Urolithin A powder

November 9, 2020

Cofttek is the best Urolithin A powder manufacturer in China. Our factory has a complete production management system (ISO9001 & ISO14001), with a monthly production capacity of 400kg.

 


Status: In Mass Production
Unit: 1kg/bag, 25kg/Drum

Urolithin A powder Specifications

Name: Urolithin A
Chemical Name: 3,8-Dihydroxybenzo[c]chromen-6-one
CAS: 1143-70-0
Chemical Formula: C13H8O4
Molecular Weight: 228.2
Color: White to off-white solid powder
InChi Key: RIUPLDUFZCXCHM-UHFFFAOYSA-N
SMILES Code: O=C1C2=CC(O)=CC=C2C3=C(O1)C=C(O)C=C3
Function: Urolithin A, a gut-microbial metabolite of ellagic acid, exerts anti-inflammatory, antiproliferative, and antioxidant properties. Urolithin A induces autophagy and apoptosis, suppresses cell cycle progression, and inhibits DNA synthesis.
Application: Urolithin A is a metabolite of ellagitannin; Pharmaceutical Intermediates
Solubility: Soluble in DMSO (3 mg/mL).
Storage Temp: Dry, dark and at 0 – 4 C for short term (days to weeks) or -20 C for long term (months to years).
Shipping Condition: Shipped under ambient temperature as non-hazardous chemical. This product is stable enough for a few weeks during ordinary shipping and time spent in Customs.

 

Urolithin A NMR Spectrum

Urolithin A (1143-70-0) - NMR Spectrum

If you need COA, MSDS, HNMR for each batch of product and other information, please contact our marketing manager.

 

Introduction to Urolithins

Urolithins are secondary metabolites of ellagic acid derived from ellagitannins. In humans ellagitannins are converted by the gut microflora into ellagic acid which is further transformed into urolithins A, urolithin B, urolithin C and urolithin D in the large intestines.

Urolithin A (UA) is the most prevalent metabolite of ellagitannins. However, urolithin A is not known to occur naturally in any dietary sources.

Urolithin B (UB) is an abundant metabolite produced in the gut through transformation of ellagitannins. Urolithin B is the last product after all the other urolithin derivatives are catabolized. Urolithin B is found in urine as urolithin B glucuronide.

Urolithin A 8-Methyl Ether is the intermediate product during the synthesis of Urolithin A.  It is a significant secondary metabolite of ellagitannin and possess antioxidant and anti-inflammatory properties.

 

Mechanism of action of urolithin A and B

●Urolithin A induces mitophagy

Mitophagy is one form of autophagy that helps eliminate damaged mitochondrial for their optimal functioning. Autophagy refers to the general process in which cytoplasmic contents are degraded and consequently recycled while mitophagy is the degradation and recycling of mitochondria.

During aging a decrease in autophagy is one aspect leading to a decline in mitochondrial function. Further, oxidative stress could also lead to low autophagy. Urolithin A possess the ability to eliminate damaged mitochondria through selective autophagy.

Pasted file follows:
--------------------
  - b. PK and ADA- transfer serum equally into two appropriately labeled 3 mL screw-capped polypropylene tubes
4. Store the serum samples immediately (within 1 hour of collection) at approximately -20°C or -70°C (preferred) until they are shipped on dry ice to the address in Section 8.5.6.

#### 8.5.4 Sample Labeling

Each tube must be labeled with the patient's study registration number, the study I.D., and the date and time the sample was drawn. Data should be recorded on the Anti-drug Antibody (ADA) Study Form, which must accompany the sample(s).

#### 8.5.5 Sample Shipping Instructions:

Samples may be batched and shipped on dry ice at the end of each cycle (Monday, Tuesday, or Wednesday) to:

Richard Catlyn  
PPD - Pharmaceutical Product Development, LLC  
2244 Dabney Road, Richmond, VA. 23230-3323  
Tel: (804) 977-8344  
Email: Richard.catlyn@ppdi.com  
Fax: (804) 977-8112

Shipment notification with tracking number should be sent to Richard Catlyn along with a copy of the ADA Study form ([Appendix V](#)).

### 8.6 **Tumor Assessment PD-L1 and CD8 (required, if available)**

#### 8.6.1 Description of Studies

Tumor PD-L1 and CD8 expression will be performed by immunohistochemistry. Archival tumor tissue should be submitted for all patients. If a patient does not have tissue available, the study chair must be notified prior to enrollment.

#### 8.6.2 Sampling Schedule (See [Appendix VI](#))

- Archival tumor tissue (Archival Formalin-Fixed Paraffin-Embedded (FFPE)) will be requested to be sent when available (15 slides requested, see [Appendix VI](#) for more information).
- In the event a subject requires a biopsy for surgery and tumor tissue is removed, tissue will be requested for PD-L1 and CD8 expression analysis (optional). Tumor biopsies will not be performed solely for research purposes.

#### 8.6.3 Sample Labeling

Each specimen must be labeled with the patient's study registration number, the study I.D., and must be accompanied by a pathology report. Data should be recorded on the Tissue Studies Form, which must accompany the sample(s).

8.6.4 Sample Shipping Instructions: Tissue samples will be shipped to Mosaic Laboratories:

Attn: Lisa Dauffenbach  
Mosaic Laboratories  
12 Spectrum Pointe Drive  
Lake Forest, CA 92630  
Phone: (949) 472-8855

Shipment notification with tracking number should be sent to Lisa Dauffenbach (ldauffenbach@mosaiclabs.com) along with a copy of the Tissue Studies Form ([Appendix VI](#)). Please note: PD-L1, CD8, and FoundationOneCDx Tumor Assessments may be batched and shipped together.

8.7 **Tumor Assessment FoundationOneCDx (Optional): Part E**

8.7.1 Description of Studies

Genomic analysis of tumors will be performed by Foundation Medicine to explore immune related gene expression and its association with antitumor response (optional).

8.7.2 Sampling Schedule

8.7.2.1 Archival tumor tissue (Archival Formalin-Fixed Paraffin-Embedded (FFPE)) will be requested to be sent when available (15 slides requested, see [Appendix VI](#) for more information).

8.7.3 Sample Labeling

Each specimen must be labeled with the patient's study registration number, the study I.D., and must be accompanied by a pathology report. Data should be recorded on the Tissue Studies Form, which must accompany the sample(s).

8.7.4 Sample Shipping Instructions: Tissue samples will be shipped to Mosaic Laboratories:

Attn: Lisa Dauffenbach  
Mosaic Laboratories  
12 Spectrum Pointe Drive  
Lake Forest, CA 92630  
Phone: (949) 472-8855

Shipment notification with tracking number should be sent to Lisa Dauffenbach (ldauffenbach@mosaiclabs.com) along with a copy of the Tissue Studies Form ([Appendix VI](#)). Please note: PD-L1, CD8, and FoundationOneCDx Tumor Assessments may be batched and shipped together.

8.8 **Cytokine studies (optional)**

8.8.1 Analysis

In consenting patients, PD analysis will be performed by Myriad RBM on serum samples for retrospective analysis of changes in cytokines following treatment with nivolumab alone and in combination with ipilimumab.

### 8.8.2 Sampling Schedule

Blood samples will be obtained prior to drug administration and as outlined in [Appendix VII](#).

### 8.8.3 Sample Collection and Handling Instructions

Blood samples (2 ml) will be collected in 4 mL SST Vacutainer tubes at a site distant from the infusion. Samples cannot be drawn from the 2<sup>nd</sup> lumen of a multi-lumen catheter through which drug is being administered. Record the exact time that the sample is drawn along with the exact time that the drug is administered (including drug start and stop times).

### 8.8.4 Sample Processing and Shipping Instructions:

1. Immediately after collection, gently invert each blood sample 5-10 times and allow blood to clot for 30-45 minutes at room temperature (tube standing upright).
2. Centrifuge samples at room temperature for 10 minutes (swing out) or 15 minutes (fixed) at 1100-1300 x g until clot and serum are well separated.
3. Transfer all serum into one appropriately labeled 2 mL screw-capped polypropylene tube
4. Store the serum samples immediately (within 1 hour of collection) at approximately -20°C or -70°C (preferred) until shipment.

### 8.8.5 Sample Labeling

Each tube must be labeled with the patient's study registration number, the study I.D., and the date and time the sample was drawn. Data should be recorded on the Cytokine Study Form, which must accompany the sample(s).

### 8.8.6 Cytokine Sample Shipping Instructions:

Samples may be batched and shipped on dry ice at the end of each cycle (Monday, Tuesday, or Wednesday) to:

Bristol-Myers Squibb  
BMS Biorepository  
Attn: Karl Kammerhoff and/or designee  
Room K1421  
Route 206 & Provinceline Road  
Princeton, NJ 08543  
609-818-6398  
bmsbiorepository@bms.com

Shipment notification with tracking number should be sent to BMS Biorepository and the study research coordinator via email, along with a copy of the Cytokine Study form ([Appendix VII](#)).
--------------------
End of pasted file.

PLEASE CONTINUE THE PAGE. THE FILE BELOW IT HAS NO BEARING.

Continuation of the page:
●Antioxidant properties

Oxidative stress occurs when there is an imbalance between the free radicals and antioxidant in the body. These excess free radicals are often associated with many chronic illnesses such cardiac disorders, diabetes and cancer.

Urolithins A and B exhibit antioxidant effects through their ability to reduce the free radicals and specifically the intracellular reactive oxygen species (ROS) levels and also inhibit lipid peroxidation in certain cell types.

Further, urolithins are able to inhibit some oxidizing enzymes, including monoamine oxidase A and tyrosinase.

●Anti-inflammatory properties

Inflammation is a natural process in which our bodies fight against any fallen thing such as infections, injuries, and microbes. However, chronic inflammation can be harmful to the body as this is associated with various disorders such as asthma, heart issues, and cancer.  Chronic inflammation could occur due to untreated acute inflammation, infections or even free radicals in the body.

Urolithins A and B exhibits anti-inflammation properties by inhibiting nitric oxide production. They specifically inhibit inducible nitric oxide synthase (iNOS) protein and mRNA expression which are responsible for inflammation.

●Anti-microbial effects

Microbes including bacteria, fungi and viruses occur naturally in the environment and even in the human body. However, a few microbes referred to as pathogens could cause infectious diseases such as flu, measles and malaria.

Urolithin A and B are able to exhibit antimicrobial activity by inhibiting quorum sensing. Quorum sensing is a mode of bacterial communication that enables bacteria to detect and control infection-related processes such as virulence and motility.

●Inhibiting protein glycation

Glycation refers to a non-enzymatic attachment of a sugar to a lipid or protein. It is a key biomarker in diabetes and other disorders as well as aging.

High protein glycation is a secondary effect of hyperglycemia has a major role in cardiovascular-related disorders such as diabetes and Alzheimer’s disease.

Urolithin A and B possess anti-glycative properties that are dose dependent that are independent of their antioxidant activity.

 

Urolithin A benefits